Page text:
For two days, C.J. sprawled on the juniper boughs. Someone put a cover over his shoulders and back. It was Skewy’s saddle blanket. C.J. snuggled into the warmth and familiar horsey smell and slept.
A woman who constantly scratched in her tangled gray hair brought C.J. his daily concoction of medicine. It tasted like a skunk smelled, but she kept pushing it at him until he drank it all.
On the third day, he sat up and surveyed the camp. He was off to one side, away from the loose cluster of wickiups, but could see five dwellings.
An old man squatted in front of one of the domed-brush shelters. Immobile as a statue, arms folded across his knees, he stared at C.J.
A naked child followed a woman as she hefted a pot under her arm, balanced it on her hip, and walked away.
Up the path came the medicine woman C.J. thought of as Lice Head carrying the gourd cup. She knelt and extended the drink.
C.J.’s stomach recoiled at the stench, and he waved it away.
She drew a knife from her belt and held it point up between them.
C.J. took stock of his situation. He didn’t seem to have a fever, his cough was gone, and he had no body aches. He took a deep breath and accepted the brew.
Tally System or Ritual
As he drank, Lice Head held the knife over her forearm.
C.J. saw fresh cuts on the old woman, and she was about to add another. He grabbed her wrist. “Hold on. That’s no way to keep track of doses. Can’t you pick up pebbles or something?”
Lice Head was surprisingly strong. C.J. put down the cup and managed to take away her knife. “I’m grateful, I really am, but I can’t let you cut yourself up for me.”
She got to her feet, muttering in Apache and left.
C.J. put her knife aside and hoped he hadn’t committed a blunder that insulted his hosts.
Up and About
C.J. visited the bushes behind his lean-to and walked around stretching his legs. His sickness was gone leaving him slightly weak and hungry. It was time for him to leave, but he had to come to terms with Lice Head for her care.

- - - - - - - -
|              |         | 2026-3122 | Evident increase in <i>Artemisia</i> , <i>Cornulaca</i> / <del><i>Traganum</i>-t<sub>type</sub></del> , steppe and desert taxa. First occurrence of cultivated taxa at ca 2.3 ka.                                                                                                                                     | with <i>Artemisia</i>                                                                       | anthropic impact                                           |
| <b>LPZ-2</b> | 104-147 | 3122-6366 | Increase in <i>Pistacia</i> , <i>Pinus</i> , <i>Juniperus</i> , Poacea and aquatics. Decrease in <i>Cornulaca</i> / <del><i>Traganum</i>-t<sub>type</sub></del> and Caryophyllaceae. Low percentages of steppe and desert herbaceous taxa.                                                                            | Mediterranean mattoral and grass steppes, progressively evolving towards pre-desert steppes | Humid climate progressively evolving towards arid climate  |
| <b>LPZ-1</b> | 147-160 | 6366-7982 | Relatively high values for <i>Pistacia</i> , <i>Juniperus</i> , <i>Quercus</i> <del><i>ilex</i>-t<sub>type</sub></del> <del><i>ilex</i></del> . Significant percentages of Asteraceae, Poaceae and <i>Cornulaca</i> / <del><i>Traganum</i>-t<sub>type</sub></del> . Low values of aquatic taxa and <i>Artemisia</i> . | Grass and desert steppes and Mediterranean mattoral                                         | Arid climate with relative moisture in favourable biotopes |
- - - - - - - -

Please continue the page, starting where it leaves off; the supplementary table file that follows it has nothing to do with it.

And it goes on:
He strolled to the group of wickiups and saw Skewy in an ocotillo corral behind one of the brush houses and headed in that direction.
Lice Head, bent over to accommodate the low clearance, emerged from the doorway. An Apache woman about C.J.’s age followed.
Unlike Lice Head, the young woman had combed, shoulder-length hair held with a headband. Black as a raven’s wing, bright silver flashes sparkled from her silky waterfall when she turned her head. Her legs were exposed under a short buckskin dress causing a hitch in C.J.’s breath and a thumping in his chest.
Thank You, But …
“Look,” C.J. said. “I’m all better, and I’m ready to go. If you tell me what I can pay you for tending to my horse and me, I’ll try to fetch it or work for it.”
The black-haired maiden muttered to the older woman.
Here’s The Bill
Lice Head spoke, Black Hair translated. “My grandmother wants you to take me to Cibecue.”
Why go to Cibecue? Leave a comment now.
Five years before C.J. stayed in the lean-to, there was a fight at Cibecue between Apaches and U.S. soldiers from Fort Apache. Read the article here.
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